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Redefined by technology

16 May 2017 by David Press

Role of the co sec: Redefined by technology - read more

Priorities in company secretarial recruitment have altered, says David Press

Over the past 10 years we have witnessed how technology has redefined aspects of the company secretarial role, creating a more dynamic, efficient and agile workforce. Technology-driven efficiency has contributed to the reduction of average headcount within the secretariats of FTSE 100 companies from seven to four between 2005 and 2009.

Headcount plateaued during the depths of the global financial crisis and in recent years the average team size has actually risen slightly to 4.5 due to increased regulation and corporate governance. That said, this is still a lean average considering the scope, variety and importance of the work involved.

Global entity management and digital meeting software, such as Blueprint and BoardPad, are now commonplace within UK corporates and form part of the fabric of any modern secretariat. We are witnessing the emergence of virtual AGMs and intelligent verification software that could further automate aspects of the company secretarial role.

“As investment in technology increases, so too does individual work capacity, leading to a corresponding shift in the nature and scope of the role”

Time and cost reduction drives much of this progress. Although the initial outlay may be high, the investment pays for itself over the long term through efficient workflow and a more agile workforce. It seems that as investment in technology increases, so too does individual work capacity, leading to a corresponding shift in the nature and scope of the role. In recent years, the role of a company secretary has broadened and become more commercially aligned. Commercial and ethical decisions cannot yet be made by a computer – the logic and thinking around those decisions go way beyond anything a piece of software or complex algorithm can solve.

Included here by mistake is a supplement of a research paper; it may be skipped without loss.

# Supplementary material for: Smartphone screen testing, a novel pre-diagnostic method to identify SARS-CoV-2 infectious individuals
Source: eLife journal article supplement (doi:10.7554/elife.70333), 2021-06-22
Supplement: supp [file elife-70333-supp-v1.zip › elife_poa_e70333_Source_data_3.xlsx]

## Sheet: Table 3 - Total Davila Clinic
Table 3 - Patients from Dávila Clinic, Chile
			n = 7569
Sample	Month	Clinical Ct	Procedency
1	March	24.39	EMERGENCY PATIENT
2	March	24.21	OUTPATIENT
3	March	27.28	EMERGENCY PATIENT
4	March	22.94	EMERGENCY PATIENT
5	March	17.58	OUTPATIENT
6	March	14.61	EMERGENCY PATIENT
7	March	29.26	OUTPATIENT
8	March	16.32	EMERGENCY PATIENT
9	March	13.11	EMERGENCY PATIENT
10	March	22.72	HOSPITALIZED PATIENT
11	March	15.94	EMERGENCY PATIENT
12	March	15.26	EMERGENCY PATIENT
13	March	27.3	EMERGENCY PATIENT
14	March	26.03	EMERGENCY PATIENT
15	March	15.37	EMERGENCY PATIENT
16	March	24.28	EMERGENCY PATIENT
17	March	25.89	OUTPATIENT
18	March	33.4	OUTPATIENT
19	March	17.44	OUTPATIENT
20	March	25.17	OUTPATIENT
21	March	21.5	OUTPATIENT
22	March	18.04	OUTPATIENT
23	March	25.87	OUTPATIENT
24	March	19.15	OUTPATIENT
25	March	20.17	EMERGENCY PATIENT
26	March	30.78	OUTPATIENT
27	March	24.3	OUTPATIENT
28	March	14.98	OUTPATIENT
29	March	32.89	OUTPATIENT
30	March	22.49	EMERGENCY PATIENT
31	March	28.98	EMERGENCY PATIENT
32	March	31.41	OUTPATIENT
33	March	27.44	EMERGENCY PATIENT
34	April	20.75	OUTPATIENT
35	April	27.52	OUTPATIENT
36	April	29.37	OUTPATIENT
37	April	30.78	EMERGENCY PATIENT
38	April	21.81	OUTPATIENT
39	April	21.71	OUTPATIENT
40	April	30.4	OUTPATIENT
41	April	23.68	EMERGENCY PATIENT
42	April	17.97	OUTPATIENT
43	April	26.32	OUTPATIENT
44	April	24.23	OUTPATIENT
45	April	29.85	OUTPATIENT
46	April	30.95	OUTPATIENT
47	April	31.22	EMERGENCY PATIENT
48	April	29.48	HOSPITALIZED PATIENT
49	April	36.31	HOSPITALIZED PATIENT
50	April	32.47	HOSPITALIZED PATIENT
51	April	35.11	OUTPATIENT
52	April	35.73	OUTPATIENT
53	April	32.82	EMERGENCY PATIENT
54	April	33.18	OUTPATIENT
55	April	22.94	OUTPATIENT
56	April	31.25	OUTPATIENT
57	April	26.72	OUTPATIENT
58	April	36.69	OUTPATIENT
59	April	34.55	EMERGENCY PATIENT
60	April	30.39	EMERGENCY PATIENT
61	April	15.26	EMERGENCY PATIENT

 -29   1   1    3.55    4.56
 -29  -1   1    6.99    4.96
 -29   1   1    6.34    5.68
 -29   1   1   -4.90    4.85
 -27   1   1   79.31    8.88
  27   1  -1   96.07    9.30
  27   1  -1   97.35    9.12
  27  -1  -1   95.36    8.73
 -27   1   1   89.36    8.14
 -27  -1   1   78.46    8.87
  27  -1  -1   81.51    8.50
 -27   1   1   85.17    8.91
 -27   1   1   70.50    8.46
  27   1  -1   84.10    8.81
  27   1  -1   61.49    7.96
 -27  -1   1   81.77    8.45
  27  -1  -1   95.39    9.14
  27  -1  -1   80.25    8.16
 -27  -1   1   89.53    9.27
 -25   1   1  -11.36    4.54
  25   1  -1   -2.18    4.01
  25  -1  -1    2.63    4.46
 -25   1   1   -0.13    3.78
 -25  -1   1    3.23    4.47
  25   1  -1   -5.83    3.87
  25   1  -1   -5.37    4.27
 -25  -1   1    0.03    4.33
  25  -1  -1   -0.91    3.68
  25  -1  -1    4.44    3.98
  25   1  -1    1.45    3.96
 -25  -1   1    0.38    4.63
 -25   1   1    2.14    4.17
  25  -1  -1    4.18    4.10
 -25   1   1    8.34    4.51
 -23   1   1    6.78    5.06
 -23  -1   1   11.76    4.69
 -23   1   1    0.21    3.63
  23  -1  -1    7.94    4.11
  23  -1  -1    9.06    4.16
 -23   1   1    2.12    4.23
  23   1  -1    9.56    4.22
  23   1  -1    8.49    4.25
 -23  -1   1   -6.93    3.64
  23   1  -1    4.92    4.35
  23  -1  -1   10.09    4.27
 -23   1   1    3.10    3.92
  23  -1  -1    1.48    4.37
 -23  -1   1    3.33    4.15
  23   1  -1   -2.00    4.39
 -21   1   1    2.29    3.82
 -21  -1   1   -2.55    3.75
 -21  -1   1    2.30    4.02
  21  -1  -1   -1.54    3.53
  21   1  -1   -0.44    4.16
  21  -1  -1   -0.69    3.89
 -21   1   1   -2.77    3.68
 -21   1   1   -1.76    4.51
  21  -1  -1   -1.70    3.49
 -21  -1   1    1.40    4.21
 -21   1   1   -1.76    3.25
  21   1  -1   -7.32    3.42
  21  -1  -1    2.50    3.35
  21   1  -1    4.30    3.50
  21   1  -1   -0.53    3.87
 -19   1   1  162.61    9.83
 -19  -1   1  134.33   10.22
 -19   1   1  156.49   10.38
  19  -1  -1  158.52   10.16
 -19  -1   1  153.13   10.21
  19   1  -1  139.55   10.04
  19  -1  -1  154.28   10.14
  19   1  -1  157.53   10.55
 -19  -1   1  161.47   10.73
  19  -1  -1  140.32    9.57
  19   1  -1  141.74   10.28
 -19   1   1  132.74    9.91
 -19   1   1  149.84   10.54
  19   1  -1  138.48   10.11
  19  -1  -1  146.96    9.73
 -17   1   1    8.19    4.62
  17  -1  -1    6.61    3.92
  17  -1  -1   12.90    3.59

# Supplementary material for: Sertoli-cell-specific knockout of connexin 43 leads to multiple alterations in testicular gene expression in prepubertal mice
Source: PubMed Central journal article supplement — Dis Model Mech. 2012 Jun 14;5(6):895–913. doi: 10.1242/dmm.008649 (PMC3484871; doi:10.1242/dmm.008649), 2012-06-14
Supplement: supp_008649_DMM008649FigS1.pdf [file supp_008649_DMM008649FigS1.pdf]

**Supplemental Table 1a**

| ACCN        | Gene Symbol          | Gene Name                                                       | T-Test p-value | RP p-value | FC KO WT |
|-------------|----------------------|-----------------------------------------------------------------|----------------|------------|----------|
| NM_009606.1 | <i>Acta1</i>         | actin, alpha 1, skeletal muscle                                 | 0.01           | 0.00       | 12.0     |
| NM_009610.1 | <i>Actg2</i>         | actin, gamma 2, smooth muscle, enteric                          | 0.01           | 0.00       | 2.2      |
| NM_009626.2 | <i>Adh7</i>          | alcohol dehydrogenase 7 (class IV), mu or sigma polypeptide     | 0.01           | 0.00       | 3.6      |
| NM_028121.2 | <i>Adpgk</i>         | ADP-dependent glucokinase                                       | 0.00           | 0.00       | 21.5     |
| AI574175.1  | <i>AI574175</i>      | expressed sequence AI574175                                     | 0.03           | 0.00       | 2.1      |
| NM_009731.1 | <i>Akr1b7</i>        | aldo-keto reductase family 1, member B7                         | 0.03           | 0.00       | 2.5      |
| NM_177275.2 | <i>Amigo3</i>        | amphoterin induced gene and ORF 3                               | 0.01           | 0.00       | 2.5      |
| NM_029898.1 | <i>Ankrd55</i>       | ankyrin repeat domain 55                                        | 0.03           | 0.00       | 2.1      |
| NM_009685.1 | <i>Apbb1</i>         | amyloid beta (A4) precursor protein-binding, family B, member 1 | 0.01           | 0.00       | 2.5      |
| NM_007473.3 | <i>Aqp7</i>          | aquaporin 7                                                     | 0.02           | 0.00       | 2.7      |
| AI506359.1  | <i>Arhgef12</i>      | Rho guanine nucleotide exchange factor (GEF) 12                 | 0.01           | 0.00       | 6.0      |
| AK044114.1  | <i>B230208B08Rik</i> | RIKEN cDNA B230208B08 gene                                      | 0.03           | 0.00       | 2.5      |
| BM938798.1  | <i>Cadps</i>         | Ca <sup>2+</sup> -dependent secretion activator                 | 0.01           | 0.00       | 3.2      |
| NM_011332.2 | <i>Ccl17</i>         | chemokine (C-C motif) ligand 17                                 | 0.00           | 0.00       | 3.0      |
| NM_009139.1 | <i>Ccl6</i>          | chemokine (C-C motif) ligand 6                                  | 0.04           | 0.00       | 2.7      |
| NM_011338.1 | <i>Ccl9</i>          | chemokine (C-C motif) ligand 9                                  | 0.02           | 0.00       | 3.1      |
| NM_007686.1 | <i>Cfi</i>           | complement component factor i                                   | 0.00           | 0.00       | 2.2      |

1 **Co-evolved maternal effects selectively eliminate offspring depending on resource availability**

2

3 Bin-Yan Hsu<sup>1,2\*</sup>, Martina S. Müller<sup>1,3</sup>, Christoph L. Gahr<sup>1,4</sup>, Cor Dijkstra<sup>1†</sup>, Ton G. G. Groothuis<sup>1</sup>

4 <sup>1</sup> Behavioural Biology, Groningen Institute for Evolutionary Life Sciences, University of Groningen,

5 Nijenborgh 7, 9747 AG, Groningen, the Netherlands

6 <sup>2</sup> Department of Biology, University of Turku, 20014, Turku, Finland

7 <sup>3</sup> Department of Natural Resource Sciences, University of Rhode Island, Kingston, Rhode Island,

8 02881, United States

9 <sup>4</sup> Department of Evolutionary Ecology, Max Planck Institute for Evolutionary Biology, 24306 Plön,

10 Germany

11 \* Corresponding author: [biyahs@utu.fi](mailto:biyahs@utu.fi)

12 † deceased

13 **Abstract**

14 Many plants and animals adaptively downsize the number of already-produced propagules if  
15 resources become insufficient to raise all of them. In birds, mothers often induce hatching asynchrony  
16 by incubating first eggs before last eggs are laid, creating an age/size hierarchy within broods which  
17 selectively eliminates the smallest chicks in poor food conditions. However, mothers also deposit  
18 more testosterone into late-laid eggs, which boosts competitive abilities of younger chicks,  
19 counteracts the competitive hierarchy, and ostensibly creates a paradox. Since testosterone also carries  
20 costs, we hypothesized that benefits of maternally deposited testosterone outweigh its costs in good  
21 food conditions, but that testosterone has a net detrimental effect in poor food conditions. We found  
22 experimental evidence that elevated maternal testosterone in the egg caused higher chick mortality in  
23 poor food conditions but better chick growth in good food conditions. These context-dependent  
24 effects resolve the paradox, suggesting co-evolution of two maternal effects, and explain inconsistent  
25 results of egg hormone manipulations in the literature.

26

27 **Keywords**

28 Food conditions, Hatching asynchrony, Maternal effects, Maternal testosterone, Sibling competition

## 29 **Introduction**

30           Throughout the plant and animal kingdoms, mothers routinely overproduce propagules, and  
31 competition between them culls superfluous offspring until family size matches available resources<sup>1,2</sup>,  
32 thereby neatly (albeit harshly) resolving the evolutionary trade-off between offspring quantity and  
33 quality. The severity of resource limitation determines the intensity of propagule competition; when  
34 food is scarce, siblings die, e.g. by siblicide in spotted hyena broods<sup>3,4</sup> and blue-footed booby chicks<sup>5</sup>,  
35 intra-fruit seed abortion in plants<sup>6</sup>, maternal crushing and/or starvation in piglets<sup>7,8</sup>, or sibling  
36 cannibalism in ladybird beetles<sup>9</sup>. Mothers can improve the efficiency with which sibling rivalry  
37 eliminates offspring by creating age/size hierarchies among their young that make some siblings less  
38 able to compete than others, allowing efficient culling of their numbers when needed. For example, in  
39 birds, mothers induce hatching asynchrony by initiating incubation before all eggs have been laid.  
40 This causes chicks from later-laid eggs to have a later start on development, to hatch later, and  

The impact on recruitment has been profound. Much of the work a more senior company secretary will have typically undertaken 15 years ago (for example, filing annual returns, maintenance of the statutory register or meetings administration) is now deftly administered by more junior team members using technology. These skills form the backbone of the modern company secretarial career, reinforcing the ICSA studies through practical application.

At this level, hiring managers are now less concerned about recruiting company secretarial administrators with existing technical skills, as these can be easily taught to a generation shaped by the digital age.

It is the softer skills that are harder to find, such as the ability to interact with colleagues and more senior individuals with confidence and credibility. Recruiters, HR and hiring managers expect to gain an authentic, genuine view of the person. To achieve this, interviews have become less formal and formulaic in order to assess the cultural fit. At the junior level, interviews now evaluate the mindset and problem-solving capacity of potential applicants. Within small teams, collaborative mindsets and cultural fit are essential.

“Emphasis within the FTSE 100 has shifted towards finding those capable of taking ownership of broader, more commercial roles”

This also filters through to the mid-level, where emphasis within the FTSE 100 has shifted towards finding those capable of taking ownership of broader, more commercial roles – likely to include projects such as group restructurings and corporate M&A. More senior company secretaries need to be able to advise and influence at the most senior level and are relied upon by the board to help realise the group’s longer-term strategic objectives.

At the most senior level there is a constant drive to improve efficiency. Many are looking at next generation robotics to automate further aspects of the role, therefore reducing costs and in some cases headcount. For most companies, however, this is finely balanced with the need for minimum critical mass and a sustainable long-term succession plan.

The profession now demands individuals with IQ, EQ and IT in equal measure to meet the changing expectations and challenges of the role. Coupled with the high profile of corporate governance within UK companies, this is having the positive effect of attracting high-calibre graduates and skilled individuals from other professions, especially law, keen to enter a career they may have previously overlooked.

We cannot slow the pace of technological change. This means those working within the profession need to adapt and change continually. Those who do not keep pace risk being left behind.

David Press is Managing Director at DMJ

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